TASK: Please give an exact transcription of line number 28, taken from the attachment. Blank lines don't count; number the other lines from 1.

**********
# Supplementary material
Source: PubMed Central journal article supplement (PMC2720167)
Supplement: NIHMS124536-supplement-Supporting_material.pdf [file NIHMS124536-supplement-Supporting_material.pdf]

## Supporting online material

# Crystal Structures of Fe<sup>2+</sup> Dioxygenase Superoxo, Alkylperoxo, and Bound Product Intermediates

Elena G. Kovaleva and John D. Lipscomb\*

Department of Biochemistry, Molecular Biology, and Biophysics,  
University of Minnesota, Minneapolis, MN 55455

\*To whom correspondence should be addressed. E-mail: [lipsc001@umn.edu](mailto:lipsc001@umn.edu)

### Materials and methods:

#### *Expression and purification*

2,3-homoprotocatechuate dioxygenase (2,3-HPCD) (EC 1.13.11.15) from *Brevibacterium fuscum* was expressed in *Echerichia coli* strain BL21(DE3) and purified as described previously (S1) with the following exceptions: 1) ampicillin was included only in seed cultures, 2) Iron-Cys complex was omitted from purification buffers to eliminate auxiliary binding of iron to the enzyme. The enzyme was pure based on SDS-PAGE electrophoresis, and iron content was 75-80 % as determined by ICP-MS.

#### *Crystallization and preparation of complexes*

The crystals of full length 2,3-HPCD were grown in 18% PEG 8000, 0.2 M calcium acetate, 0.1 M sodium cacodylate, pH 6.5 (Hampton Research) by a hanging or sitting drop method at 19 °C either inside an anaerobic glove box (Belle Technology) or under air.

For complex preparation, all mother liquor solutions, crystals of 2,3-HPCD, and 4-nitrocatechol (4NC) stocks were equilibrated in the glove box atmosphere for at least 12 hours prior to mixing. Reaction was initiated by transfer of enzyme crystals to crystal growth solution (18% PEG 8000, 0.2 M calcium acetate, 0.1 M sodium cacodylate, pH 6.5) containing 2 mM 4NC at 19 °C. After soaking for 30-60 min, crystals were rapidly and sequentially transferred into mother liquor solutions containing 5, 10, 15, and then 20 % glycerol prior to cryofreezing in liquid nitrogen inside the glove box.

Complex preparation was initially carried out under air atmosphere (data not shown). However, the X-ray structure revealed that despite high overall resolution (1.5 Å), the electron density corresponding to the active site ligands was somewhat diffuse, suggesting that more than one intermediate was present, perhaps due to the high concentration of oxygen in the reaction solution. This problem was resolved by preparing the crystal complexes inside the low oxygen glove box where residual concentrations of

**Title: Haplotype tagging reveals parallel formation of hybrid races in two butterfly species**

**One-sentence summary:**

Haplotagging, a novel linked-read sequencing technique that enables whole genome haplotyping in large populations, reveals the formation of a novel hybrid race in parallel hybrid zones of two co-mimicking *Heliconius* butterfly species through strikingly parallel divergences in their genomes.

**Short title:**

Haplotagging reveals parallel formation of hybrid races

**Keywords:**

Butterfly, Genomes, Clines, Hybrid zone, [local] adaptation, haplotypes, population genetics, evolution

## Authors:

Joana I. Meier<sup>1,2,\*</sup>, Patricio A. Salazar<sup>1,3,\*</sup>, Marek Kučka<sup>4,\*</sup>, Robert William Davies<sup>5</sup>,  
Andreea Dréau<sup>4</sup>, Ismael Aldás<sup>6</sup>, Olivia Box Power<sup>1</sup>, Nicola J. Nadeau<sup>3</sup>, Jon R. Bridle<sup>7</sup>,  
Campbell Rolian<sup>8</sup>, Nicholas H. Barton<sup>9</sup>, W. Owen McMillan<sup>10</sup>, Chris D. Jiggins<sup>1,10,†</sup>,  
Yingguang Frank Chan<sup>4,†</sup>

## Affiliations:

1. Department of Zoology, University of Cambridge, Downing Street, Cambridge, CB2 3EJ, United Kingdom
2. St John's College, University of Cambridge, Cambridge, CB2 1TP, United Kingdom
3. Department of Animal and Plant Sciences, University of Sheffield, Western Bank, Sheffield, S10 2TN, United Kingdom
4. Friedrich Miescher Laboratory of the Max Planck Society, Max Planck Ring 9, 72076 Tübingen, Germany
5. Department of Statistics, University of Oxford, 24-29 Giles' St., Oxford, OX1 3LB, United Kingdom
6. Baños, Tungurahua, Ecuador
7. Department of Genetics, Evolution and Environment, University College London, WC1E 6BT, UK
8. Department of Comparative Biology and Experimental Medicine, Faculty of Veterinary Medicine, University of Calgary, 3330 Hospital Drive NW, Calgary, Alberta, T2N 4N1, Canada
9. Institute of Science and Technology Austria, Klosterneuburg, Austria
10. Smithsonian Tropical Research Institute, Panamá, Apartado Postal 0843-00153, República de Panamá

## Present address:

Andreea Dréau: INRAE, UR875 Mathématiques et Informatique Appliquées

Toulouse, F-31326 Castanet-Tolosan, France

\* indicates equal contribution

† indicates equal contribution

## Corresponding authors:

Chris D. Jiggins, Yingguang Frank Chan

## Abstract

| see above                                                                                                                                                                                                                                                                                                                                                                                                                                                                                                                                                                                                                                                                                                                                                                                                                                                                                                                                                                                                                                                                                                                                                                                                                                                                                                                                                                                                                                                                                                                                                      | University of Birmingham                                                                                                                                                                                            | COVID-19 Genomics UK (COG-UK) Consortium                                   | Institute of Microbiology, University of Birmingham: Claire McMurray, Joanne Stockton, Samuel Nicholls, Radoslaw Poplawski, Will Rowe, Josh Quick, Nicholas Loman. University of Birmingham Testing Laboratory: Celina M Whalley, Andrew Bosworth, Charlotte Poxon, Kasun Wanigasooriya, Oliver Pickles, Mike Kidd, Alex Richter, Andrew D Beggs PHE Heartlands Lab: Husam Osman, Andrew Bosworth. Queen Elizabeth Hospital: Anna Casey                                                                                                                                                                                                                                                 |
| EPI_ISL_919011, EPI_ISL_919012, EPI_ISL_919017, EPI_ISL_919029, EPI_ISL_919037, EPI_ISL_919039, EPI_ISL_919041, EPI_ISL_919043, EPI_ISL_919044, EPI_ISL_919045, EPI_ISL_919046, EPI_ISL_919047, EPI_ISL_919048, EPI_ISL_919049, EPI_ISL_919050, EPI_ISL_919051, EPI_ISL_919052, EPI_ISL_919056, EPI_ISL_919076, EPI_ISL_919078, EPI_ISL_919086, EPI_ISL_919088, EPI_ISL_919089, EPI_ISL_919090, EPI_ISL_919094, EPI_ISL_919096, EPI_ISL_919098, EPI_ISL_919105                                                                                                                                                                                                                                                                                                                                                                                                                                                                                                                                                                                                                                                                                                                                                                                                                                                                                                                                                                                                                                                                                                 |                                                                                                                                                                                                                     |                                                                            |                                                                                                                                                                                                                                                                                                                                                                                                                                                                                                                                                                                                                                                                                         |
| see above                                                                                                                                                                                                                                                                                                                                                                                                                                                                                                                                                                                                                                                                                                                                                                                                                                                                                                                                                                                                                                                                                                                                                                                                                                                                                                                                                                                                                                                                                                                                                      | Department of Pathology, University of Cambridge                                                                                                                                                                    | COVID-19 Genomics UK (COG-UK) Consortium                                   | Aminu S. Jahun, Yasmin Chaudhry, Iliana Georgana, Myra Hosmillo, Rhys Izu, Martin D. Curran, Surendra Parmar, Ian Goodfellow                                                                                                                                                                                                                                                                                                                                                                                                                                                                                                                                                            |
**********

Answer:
Yingguang Frank Chan<sup>4,†</sup>